The first settlement on the island of Delos was discovered on Mt. Cynthus dating to the 3rd millennium BC.   It did not seem to last long and the island was abandoned until the late Mycenaean period (1580-1200 BC) when the plain below the mountain was inhabited.

    It was colonized by the Ionians about 750 BC.   At this point in history, the island takes on its sacred status.   Homer’s Odyssey (Book 6, line 162; LCL 1: 233) and the Homeric Hymns, written about 700 BC, said that Delos was an important religious center.   It becomes important because, according to Greek mythology, the island of Delos offered Leto a place to safely give birth to Apollo and Artemis from the fury of Hera, the wife of Zeus ( To Delian Apollo LCL 325-337).

    Athenian influence was exerted over the island in the 6th century BC.   They “purified” the island by removing all the burials from the area around the Temple of Apollo in 540 BC.

    The Persian Wars broke out about 490 BC.  An alliance of Greek city-states was formed, called the Delian League, against the Persians in 478/7 BC.   Delos became the center for this league and the treasury was kept on the island.

    In the winter of 426/5 BC the second “purification” of the island occurred.   This time all the burials from the island were removed and reburied in what the archaeologists call the “Purification Trench” on the island of Rheneia (Catling 1996:443).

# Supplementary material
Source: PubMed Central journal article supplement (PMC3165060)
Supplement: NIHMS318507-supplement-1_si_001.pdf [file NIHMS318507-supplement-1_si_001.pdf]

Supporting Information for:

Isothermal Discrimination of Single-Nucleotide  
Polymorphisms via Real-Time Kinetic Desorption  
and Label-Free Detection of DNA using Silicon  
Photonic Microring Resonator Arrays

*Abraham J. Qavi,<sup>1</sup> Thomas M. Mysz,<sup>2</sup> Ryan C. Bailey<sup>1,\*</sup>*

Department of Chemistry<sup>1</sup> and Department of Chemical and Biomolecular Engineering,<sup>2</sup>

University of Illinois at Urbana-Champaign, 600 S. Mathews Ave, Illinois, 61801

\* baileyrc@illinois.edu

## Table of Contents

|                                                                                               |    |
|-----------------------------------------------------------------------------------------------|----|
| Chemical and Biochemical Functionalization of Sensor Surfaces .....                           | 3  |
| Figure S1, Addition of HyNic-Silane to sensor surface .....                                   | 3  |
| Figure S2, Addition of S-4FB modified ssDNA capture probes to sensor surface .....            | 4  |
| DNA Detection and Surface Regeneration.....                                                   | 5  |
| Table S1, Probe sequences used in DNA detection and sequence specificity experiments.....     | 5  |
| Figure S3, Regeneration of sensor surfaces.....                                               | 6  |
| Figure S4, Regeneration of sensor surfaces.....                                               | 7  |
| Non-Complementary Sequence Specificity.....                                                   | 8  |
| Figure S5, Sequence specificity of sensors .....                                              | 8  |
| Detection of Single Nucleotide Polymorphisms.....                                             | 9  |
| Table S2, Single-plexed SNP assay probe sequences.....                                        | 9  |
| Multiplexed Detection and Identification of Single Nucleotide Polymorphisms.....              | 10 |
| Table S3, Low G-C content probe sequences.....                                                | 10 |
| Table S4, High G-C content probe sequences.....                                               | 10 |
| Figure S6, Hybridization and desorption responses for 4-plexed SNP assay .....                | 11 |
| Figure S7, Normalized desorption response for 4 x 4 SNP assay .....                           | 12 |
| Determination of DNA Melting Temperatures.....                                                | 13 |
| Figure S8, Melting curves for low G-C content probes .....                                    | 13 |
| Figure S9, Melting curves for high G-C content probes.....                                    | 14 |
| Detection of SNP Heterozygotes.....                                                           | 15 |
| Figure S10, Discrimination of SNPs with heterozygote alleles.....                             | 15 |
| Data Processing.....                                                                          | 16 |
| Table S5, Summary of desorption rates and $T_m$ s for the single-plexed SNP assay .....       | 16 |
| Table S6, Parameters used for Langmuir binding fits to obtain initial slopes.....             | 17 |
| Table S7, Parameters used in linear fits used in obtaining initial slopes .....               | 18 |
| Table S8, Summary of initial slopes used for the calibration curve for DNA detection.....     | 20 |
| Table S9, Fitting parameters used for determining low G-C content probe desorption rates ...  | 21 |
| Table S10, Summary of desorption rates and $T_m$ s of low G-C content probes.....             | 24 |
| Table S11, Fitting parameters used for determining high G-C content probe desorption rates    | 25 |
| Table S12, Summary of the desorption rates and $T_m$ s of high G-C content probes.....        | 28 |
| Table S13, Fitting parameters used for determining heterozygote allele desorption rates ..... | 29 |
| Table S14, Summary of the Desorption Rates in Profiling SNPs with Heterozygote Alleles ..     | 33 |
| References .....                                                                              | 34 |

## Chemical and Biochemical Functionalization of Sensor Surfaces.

From 314-166 BC, Delos enjoyed a period of independence and prosperity.   The island began to develop as a commercial center with public and private banks.   There was extensive building activity and foreigners began to populate the island.

    In 166 BC the Romans gained control of the island.   They put Athens in charge of the island and made it a free port.   With economic prosperity came foreign influence.   Foreigners from Italy, Egypt, Syria, Phoenicia, Israel brought their cults with them and built temples and shrines to their gods.

    In 88 BC, Menophanes, an officer of Mithradates VI, “razed Delos itself to the ground”.   If one can believe the reports of Appian and Pausanias ( Description of Greece III:23.3-5; LCL 2:147), upwards to 20,000 people were killed on the island in this attack.   In 69 BC, the pirates of Athenodorus, sacked the island, and it never regained its glory.   It’s religious and commercial influenced waned.   As Strabo put it, “When the Romans again got the island, after the king withdrew to his homeland, it was desolate; and it has remained in an impoverished condition until the present time” ( Geography 10.5.4; LCL 5: 167).